Table 2 shows the classification categories of the nutritional status and breastfeeding. The nutritional status was compared in relation to exclusive breastfeeding. Eighty-one percent of the undernourished and nutritionally at-risk infants and 72% of the well-nourished, overweight, and obese infants did not receive exclusive breastfeeding (p=0.009). The other comparisons were not significant.

The clinical evolution of the infants with acute viral bronchiolitis was evaluated according to the more complex hospital unit needed, length of hospital stay, and oxygen-use. Ninety-three (53.1%) infants needed to be hospitalized in a paediatric ward, but only four (2.3%) were sent to an intensive care unit. The median duration of hospital stay was four days, the initial saturation was 96%, and the length of oxygen-use was 60 hours. There were no deaths among the infants followed.

Sixty-seven percent of the infants in whom the presence of infecting virus was identified needed to be hospitalized in the paediatric ward or intensive care unit compared to 46% of the others who had no infecting virus (p=0.005). Infants admitted to paediatric emergency care had been on exclusive breastfeeding for a median of 45 days compared to 30 days in the paediatric ward and 15 days in the intensive care unit (2=6.434; p=0.04). Even when the hospital unit was needed and the presence of virus, age, and nutritional status were analyzed together under a multiple linear regression, the presence of virus and the duration of exclusive breastfeeding continued to present as the only significant correlations. The chance of hospitalization increased by 50% when the virus was identified (relative risk=1.5; confidence interval 1.1–2.0).

Table 3 shows the association between the anthropometric variables studied and the length of hospital stay and oxygen-use. An inverse association was observed among age, weight-for-length and weight-for-age ratios, duration of exclusive breastfeeding, and hours on oxygen-use. A negative correlation between age and length of hospital stay was also observed. Statistically significant correlations were not found between the outcomes evaluated and gestational age, weight, and length at birth, initial saturation, number of rooms and people living in them, family income, and z-score for length-for-age. The same analysis, taking into consideration only the infants in whom any virus or respiratory syncytial virus was identified, was significant in the same correlations presented here.

A multiple linear regression was elaborated to evaluate the variables in this study that had significance in the prediction of the length of oxygen-use and of hospital stay. The linear regression model for the variable—length of oxygen-use—was statistically significant by means of multiple regression variance analysis (F6, 155=4.021; p=0.001). As shown in Table 4, the significant predictor values are shown to be duration of exclusive breastfeeding and identification of the virus in the infants studied. Using beta-coefficients of linear regression, it can be interpreted that infants with an identified virus had increased the length of oxygen-use by an average of approximately 24 hours. Since the duration of exclusive breastfeeding variable was measured in days, for each additional day of exclusive breastfeeding, the infants had an average reduction of 0.374 hours in the length of oxygen-use. So, for each month of exclusive breastfeeding, the infants studied presented a reduction of approximately 11 hours in this variable. Likewise, the linear regression model for the variable—length of hospital stay—was statistically significant by means of multiple regression variance analysis (F3, 159=6.512; p<0.001). The duration of exclusive breastfeeding (p=0.018) and the identification of the virus (p=0.018) were the significant predictor values.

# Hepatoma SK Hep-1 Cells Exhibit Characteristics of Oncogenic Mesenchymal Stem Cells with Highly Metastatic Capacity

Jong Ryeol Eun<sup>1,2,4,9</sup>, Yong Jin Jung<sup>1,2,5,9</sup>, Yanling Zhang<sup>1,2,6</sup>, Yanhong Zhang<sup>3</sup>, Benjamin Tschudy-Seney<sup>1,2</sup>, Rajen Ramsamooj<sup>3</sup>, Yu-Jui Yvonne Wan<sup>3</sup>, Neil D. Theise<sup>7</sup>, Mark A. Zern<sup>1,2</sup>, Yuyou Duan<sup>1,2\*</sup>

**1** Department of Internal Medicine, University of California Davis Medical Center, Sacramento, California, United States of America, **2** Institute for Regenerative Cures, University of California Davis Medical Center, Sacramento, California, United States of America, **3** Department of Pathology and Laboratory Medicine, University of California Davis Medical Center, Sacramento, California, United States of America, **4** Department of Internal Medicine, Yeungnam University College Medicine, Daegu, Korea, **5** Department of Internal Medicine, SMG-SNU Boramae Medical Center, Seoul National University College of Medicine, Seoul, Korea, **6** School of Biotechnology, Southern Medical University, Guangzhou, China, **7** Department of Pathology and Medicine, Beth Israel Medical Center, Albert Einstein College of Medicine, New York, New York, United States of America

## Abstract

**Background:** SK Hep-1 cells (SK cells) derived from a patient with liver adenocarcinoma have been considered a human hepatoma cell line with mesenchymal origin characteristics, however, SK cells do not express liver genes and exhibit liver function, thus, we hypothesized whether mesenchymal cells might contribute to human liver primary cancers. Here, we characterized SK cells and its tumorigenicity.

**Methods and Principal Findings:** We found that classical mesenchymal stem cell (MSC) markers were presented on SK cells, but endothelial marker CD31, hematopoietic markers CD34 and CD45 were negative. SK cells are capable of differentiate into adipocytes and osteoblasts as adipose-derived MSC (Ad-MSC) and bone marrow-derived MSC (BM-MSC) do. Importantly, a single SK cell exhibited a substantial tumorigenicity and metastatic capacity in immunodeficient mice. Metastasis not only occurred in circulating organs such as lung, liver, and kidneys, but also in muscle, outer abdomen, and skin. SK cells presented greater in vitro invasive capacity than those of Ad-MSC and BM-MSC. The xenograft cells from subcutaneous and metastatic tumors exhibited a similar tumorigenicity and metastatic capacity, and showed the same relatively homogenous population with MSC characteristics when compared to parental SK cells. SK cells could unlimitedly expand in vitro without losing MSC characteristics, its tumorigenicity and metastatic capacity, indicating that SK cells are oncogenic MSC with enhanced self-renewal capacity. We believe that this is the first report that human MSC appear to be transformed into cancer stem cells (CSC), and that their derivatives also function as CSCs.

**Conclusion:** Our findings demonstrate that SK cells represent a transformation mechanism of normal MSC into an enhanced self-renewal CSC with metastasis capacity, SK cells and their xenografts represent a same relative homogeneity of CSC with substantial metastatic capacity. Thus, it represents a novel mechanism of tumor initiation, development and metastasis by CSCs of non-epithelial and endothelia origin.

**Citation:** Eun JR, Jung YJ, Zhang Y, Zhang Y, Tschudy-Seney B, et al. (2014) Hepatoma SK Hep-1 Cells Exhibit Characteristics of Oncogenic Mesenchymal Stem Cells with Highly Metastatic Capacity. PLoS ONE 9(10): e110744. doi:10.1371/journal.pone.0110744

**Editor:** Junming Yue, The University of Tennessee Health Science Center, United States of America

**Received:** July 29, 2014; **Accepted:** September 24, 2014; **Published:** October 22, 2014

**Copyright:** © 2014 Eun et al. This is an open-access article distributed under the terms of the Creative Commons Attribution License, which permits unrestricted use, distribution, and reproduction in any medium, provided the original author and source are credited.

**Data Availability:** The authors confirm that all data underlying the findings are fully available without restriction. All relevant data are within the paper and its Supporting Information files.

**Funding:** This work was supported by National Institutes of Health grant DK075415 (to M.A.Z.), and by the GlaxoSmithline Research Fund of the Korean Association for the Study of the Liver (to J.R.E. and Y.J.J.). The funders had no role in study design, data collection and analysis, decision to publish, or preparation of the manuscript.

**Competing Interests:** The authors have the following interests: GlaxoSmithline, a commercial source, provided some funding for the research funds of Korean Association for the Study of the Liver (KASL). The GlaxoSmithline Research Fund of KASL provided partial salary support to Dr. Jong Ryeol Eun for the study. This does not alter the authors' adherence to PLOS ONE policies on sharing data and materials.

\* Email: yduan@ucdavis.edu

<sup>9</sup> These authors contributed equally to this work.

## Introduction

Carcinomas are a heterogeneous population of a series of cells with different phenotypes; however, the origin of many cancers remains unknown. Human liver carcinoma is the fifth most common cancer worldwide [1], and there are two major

Statistically significant differences were not observed in relation to the length of hospital stay when comparing sex, initial saturation, classification of nutritional status, classification of length-for-age, weight-for-age, and weight-for-length, type of breastfeeding, level of parental education, whether mother was a smoker, and if any of the people living in the home smoked.

The infants with positive virus stayed for an average of 4.8 (±3) days in the hospital, while others stayed for 3.6 (±3.2) days (p=0.004).


In the present study, the nutritional status and type of breastfeeding did not affect the clinical course of previously-healthy infants with acute viral bronchiolitis. On the other hand, the duration of exclusive breastfeeding was inversely related to the length of oxygen-use and the length of hospital stay. Also, infants who needed a less complex care at paediatric emergency had been on exclusive breastfeeding for a longer period than infants assigned to different units.

The study was carried out during the one-year period at a public university hospital evaluating a representative number of 190 infants. The decision to restrict the inclusion of patients to the first six months of life was made because, during this age-range, the diagnosis of acute viral bronchiolitis in infants that present initial acute wheezing is the most probable and not asthma or reactive airway disease. Furthermore, it is during this age that exclusive breastfeeding is recommended, which makes it possible to compare it with other types of feedings that are considered to be less adequate (11,17,18).